I am not a violent person by nature – people know me as laid-back and easy-going. It usually takes far more to rouse me to anger than most other people, and I very rarely feel anger towards a human or other animal. But when the pressure builds inside… I find it exhausting to hold it all in, and when the dam breaks open everything I had held back floods out in a meltdown.
Afterwards is emptiness and exhaustion. And then, later, comes the shame. Shame of failure because I lost control. Shame of drawing negative attention from those around me.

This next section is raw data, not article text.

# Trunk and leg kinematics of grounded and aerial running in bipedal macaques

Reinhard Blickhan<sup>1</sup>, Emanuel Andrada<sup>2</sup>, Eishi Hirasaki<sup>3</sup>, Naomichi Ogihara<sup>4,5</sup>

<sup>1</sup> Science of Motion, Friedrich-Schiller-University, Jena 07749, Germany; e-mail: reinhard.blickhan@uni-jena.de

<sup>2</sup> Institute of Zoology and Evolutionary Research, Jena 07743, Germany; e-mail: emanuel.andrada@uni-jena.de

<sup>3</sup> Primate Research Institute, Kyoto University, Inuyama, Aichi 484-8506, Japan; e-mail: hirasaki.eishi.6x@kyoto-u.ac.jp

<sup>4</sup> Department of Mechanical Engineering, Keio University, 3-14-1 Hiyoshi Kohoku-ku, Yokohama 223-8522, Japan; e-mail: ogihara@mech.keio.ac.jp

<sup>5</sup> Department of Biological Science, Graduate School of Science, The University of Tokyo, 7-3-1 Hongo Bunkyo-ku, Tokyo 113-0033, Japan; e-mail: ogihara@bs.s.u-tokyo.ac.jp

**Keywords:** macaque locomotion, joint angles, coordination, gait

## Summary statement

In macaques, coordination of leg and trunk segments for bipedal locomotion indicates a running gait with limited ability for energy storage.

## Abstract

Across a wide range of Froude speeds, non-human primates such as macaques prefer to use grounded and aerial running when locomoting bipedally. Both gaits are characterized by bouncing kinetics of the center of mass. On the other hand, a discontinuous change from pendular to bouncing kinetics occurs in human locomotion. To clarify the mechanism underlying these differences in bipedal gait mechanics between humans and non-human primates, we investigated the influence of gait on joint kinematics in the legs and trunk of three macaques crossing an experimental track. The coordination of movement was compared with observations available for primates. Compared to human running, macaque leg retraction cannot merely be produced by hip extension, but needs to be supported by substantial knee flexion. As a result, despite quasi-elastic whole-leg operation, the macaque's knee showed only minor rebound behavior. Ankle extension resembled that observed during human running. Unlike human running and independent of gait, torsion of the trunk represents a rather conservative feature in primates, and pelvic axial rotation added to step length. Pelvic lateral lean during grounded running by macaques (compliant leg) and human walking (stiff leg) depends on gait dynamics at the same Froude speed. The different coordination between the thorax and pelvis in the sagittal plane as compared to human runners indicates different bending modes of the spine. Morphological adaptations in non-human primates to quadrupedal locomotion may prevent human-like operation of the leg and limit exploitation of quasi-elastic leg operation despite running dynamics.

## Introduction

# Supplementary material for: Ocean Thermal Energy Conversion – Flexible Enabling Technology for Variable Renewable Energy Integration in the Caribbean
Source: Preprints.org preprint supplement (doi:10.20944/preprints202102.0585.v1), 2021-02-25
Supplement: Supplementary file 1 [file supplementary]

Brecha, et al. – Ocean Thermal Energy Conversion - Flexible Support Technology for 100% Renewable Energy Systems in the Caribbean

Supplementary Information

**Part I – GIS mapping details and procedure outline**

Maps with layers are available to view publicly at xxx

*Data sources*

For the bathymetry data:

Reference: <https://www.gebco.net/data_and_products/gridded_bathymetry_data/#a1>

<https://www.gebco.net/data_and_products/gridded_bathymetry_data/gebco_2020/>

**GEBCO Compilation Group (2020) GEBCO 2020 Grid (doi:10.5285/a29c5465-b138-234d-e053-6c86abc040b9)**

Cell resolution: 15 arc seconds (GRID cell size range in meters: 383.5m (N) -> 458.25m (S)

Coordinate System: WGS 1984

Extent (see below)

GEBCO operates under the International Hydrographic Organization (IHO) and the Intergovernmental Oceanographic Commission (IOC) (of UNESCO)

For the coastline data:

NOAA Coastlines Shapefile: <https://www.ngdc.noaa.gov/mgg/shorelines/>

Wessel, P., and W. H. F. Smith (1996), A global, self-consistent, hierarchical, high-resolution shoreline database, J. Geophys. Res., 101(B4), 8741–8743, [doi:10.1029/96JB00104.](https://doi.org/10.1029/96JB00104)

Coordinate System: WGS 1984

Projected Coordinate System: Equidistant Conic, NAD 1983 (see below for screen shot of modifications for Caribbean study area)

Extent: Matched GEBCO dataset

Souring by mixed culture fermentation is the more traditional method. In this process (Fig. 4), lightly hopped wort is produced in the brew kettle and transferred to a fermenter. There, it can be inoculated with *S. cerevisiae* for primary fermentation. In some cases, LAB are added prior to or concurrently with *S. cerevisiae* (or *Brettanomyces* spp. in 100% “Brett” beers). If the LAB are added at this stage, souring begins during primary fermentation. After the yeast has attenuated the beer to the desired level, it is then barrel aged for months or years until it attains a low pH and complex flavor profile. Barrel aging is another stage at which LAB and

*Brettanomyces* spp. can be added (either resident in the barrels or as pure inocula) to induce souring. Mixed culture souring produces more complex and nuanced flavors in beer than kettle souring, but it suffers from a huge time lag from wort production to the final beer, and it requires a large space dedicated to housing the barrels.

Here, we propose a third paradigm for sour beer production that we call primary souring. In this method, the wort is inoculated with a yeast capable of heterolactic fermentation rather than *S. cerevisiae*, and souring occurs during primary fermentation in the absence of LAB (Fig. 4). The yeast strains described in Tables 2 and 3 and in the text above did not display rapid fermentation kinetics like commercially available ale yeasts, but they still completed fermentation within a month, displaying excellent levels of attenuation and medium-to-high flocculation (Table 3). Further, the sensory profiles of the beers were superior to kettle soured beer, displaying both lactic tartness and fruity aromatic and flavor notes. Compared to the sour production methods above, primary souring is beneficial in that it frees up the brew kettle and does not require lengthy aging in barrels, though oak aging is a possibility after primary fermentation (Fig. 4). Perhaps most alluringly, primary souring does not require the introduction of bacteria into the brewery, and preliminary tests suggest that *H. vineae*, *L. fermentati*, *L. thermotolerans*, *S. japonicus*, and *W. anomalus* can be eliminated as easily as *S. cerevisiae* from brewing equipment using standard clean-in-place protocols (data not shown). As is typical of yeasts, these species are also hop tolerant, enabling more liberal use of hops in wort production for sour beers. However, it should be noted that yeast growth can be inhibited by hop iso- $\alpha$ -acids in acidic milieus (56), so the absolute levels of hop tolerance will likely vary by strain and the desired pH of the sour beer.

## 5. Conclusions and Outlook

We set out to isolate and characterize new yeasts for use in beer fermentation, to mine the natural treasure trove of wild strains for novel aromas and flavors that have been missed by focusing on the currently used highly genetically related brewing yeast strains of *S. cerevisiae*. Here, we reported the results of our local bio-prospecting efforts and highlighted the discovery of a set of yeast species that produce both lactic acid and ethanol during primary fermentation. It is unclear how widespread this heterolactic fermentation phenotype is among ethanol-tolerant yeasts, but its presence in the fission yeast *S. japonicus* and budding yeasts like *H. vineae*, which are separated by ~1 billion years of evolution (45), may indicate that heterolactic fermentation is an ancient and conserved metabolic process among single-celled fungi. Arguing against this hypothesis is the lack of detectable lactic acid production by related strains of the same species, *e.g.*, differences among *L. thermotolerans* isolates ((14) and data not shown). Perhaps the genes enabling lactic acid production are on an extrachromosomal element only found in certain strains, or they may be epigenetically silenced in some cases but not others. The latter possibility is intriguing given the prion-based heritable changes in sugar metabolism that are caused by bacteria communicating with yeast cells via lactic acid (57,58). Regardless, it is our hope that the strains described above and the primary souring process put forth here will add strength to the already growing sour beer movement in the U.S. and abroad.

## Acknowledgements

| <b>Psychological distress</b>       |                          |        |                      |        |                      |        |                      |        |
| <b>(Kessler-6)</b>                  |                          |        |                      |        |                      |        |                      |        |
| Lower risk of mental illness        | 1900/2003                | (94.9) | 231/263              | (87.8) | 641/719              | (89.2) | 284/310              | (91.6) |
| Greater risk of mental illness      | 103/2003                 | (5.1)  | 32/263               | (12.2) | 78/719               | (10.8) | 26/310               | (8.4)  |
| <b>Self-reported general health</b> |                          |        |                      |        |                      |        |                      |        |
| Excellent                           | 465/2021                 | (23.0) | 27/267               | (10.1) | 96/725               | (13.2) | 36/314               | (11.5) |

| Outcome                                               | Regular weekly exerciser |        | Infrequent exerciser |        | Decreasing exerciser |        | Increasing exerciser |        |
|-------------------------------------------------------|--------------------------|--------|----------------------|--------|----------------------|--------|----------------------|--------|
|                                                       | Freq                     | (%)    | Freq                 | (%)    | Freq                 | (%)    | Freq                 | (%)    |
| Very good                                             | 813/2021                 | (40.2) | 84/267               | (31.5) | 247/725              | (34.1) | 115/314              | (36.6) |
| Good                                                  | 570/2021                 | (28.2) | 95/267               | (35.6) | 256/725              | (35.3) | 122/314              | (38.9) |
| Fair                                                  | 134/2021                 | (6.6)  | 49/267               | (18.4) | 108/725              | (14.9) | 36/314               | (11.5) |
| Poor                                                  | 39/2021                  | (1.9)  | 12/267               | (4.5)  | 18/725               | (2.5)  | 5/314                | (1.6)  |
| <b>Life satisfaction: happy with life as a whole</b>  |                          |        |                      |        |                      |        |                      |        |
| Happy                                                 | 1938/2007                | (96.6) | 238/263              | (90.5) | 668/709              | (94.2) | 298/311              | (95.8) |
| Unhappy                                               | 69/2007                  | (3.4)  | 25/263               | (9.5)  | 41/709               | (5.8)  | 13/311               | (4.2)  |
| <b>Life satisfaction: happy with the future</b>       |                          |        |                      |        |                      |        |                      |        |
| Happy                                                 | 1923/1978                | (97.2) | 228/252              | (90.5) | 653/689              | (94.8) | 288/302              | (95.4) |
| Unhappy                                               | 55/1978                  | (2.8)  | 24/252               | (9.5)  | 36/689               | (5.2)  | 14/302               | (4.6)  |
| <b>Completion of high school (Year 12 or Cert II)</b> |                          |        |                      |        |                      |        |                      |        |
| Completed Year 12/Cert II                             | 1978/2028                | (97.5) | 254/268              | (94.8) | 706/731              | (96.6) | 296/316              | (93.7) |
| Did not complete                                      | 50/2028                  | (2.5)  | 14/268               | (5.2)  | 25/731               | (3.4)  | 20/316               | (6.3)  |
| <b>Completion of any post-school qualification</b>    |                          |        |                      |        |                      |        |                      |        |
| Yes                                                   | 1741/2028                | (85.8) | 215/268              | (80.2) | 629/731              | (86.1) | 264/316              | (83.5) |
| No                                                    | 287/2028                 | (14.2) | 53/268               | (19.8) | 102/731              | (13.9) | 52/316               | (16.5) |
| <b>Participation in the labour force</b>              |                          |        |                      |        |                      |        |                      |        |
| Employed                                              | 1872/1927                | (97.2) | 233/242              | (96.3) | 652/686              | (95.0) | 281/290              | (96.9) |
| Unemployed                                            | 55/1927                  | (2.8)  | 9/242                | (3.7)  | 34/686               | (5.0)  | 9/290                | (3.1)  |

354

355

Two things prompted me to write on this subject today. The first was this blog post about misophonia. The second was a very unwelcome change in my local pub: a slot machine was moved to a new position right next to where I usually sit. Bright, flashing lights directly in front of me – need I say more.
I was at a gig in the local pub on Saturday night; a local band called Fuzz Universe. I really enjoy live rock music – it seems to be an exception to my usual intolerance of loud noise and bright, flashing lights – and I had a very pleasurable time. I even enjoyed a brief chat to the lead guitarist afterwards: he’s one of only a few people to have recognized the subject of the painting on the back of my leather jacket as the character of Death from Terry Pratchett’s Discworld.